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Read SWR with an Oscilloscope

Discussion in 'Homebrew and Kit Projects' started by OA4AJP, Aug 10, 2013.

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  1. OA4AJP

    OA4AJP Ham Member QRZ Page

    Dear All:

    Is there a way to measure the SWR using an oscilloscope.

    I can measure the forward peak 2 peak voltage to get the power but I don't know how to measure the reflected power using an oscilloscope.

    73s
    Alfredo Mendiola Loyola
    OA4AJP
     
  2. WB2WIK

    WB2WIK Premium Subscriber QRZ Page

    You can't without a directional coupler that isolates the forward from reflected wave current.

    If you add a good directional coupler, you can use the scope as the "detector" if it has enough bandwidth for the frequency you're using.

    I use an old HP 778D for that.
     
  3. OA4AJP

    OA4AJP Ham Member QRZ Page

    Can I use a Bird 43 Line Section with a sampler slug and connect the sampler slug to an oscilloscope?

    With this method will I get an accuracy of 5%?

    Regards
    Alfredo Mendiola Loyola
    OA4AJP
     
  4. WB2WIK

    WB2WIK Premium Subscriber QRZ Page

    Nope. You need a real directional coupler. The Bird 43 is a one-way coupler, and the detector element can be rotated to aim in either direction (forward or reverse) but the sampler doesn't do that as far as I know. A directional coupler has two separate pickup lines, one for forward and one for reverse. Bird Thrulines don't.
     
  5. N8ZU

    N8ZU Ham Member QRZ Page

    Hey OM
    I'd gut an ole SWR meter connect your X and Y inputs of the Scope to the RF input of the detector diodes in that SWR meter this will produce the pattern on the scope called Lissajous then it's just a matter of calibrating the pattern using known resistance from say 300 ohms down to 50 ohms being 1:1.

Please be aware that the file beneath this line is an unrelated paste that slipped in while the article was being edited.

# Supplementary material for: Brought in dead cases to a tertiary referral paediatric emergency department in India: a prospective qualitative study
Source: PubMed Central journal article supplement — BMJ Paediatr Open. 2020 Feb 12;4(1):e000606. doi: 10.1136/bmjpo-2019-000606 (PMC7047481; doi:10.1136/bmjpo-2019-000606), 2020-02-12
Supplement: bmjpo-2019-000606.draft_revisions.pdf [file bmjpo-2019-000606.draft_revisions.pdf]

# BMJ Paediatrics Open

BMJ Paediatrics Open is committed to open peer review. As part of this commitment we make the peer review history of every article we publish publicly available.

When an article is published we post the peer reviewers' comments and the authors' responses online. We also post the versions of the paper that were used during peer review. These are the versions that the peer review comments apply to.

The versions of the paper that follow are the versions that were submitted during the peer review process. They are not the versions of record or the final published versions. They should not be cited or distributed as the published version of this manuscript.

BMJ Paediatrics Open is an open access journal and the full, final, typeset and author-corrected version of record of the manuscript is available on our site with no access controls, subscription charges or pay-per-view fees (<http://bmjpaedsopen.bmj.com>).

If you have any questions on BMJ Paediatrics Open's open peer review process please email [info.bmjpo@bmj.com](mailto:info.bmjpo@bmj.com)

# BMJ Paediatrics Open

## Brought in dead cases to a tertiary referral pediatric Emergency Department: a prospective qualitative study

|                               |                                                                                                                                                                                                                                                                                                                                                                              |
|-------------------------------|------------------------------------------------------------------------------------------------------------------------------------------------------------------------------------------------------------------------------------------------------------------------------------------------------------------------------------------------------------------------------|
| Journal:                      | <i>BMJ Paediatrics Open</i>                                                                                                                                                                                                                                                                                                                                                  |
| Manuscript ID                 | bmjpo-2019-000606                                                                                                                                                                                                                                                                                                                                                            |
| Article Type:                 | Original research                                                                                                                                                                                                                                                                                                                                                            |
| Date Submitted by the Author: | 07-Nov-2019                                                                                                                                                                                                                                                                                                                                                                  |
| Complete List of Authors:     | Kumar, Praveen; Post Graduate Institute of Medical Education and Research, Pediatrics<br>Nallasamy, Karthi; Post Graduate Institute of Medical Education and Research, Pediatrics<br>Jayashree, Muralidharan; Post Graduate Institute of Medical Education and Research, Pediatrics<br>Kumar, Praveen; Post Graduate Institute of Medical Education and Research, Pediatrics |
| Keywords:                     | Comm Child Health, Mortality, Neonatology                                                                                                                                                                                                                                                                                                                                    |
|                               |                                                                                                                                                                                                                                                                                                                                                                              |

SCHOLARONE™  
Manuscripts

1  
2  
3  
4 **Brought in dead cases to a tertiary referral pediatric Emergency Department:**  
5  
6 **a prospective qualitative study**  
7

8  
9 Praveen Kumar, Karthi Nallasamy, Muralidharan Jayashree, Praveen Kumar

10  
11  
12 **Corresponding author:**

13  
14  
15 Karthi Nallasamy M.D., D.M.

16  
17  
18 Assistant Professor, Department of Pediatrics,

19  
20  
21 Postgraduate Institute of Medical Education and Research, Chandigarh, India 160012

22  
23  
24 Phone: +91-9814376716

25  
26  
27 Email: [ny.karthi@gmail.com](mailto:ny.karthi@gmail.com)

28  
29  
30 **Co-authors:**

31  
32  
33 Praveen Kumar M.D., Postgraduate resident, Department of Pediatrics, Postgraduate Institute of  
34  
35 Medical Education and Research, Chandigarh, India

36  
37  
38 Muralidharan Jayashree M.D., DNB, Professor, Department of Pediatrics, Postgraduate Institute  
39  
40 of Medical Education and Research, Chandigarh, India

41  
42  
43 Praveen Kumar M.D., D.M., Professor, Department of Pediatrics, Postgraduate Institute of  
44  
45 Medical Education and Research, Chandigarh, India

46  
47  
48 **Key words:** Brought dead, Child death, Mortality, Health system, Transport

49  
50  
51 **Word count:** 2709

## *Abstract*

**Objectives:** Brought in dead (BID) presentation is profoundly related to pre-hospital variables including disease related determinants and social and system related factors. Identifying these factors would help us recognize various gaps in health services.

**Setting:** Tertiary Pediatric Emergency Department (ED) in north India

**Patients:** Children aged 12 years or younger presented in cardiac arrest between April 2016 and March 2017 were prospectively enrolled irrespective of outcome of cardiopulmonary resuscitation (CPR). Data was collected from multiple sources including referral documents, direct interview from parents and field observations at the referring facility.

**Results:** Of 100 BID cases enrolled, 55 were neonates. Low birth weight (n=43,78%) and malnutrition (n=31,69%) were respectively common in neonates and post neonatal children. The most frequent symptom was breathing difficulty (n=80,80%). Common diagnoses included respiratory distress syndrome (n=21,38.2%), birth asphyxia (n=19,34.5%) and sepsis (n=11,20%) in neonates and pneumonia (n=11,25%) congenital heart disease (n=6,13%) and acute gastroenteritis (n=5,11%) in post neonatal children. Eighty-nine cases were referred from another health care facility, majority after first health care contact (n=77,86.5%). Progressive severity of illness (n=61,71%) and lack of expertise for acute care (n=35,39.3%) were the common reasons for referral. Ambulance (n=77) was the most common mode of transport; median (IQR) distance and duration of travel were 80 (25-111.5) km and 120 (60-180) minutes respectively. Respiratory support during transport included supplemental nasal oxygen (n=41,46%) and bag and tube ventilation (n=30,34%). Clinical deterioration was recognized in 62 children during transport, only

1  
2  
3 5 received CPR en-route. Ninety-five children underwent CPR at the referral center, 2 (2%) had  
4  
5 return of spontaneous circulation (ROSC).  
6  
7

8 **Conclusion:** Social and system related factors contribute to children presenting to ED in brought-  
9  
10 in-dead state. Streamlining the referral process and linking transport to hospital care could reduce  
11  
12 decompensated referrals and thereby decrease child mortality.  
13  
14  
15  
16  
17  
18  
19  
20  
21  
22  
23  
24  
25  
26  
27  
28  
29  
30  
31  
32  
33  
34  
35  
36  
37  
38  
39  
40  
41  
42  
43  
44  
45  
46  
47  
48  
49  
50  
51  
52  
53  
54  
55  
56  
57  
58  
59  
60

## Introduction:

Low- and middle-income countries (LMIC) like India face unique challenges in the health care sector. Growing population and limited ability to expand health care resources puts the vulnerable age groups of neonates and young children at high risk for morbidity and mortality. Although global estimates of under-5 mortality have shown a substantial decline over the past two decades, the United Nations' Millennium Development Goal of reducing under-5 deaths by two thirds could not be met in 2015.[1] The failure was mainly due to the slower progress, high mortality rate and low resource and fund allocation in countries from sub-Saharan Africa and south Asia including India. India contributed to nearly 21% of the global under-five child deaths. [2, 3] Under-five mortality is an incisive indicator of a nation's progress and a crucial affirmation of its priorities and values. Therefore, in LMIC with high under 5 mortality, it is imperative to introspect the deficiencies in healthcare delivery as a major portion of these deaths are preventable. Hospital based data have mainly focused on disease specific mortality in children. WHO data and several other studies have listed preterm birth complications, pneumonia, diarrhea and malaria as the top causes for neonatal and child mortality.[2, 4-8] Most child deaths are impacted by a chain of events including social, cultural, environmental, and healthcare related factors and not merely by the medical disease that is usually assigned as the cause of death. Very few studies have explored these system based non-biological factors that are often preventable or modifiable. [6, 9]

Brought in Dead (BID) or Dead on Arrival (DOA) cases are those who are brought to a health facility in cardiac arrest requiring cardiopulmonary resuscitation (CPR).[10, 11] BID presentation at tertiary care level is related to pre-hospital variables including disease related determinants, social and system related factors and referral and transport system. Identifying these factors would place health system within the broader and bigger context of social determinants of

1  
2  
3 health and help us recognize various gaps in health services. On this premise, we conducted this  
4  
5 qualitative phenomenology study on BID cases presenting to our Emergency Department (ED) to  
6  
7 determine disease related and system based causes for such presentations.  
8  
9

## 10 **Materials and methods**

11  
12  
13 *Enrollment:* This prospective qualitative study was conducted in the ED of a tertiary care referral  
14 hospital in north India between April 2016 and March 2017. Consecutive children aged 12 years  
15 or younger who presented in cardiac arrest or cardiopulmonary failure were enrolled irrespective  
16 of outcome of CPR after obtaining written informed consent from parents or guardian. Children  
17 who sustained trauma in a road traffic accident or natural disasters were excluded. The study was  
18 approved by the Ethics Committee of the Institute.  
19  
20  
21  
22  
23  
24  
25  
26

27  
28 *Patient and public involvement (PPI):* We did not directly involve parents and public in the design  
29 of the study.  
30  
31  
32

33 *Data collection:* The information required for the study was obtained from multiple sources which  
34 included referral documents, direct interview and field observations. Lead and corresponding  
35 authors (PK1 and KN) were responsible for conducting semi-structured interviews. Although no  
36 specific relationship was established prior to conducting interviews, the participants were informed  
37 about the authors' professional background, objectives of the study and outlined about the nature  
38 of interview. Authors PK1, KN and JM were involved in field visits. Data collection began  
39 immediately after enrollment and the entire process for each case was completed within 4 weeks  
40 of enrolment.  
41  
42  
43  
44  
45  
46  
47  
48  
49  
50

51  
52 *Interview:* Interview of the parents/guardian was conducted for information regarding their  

73 OT
    de n8zu
     
  6. KE3WD

    KE3WD Ham Member QRZ Page

    Any such scheme would merely be replacing the meter movement with the scope.

    And, really, there would be nothing to gain by doing so, the meter is quite good enough here.


    73
     
  7. DL3PB

    DL3PB Ham Member QRZ Page

    Hello Alfredo,
    why not use a homemade resistive coupler, a Wheatstone brigde, and measure the voltage across the load and calculate the
    SWR directly from this voltage compared to half(!) the source voltage level - if you have one of these modern DSOs, it may even provide
    some simple math functions to further ease this calculation - if you can make sure for example that supply voltage for the brigde is 2V (peak or whatever ), the voltage across the load gives you the SWR-value directly, if your DUT has a higher impedance than 50 Ohms,
    else all you have to do is to invert this value in case of impedances lower then 50Ohms.
    This is by far the simplest method I know of, all other method require either special parts or some mathematical (or graphical) effort.
    73
    Peter/DL3PB
     
  8. DL3PB

    DL3PB Ham Member QRZ Page

    sorry Alfredo, something wrong with my approach, have to think it over again!
     
  9. KI6J

    KI6J Ham Member QRZ Page

    A simple bridge is described on Harry's Homebrew page.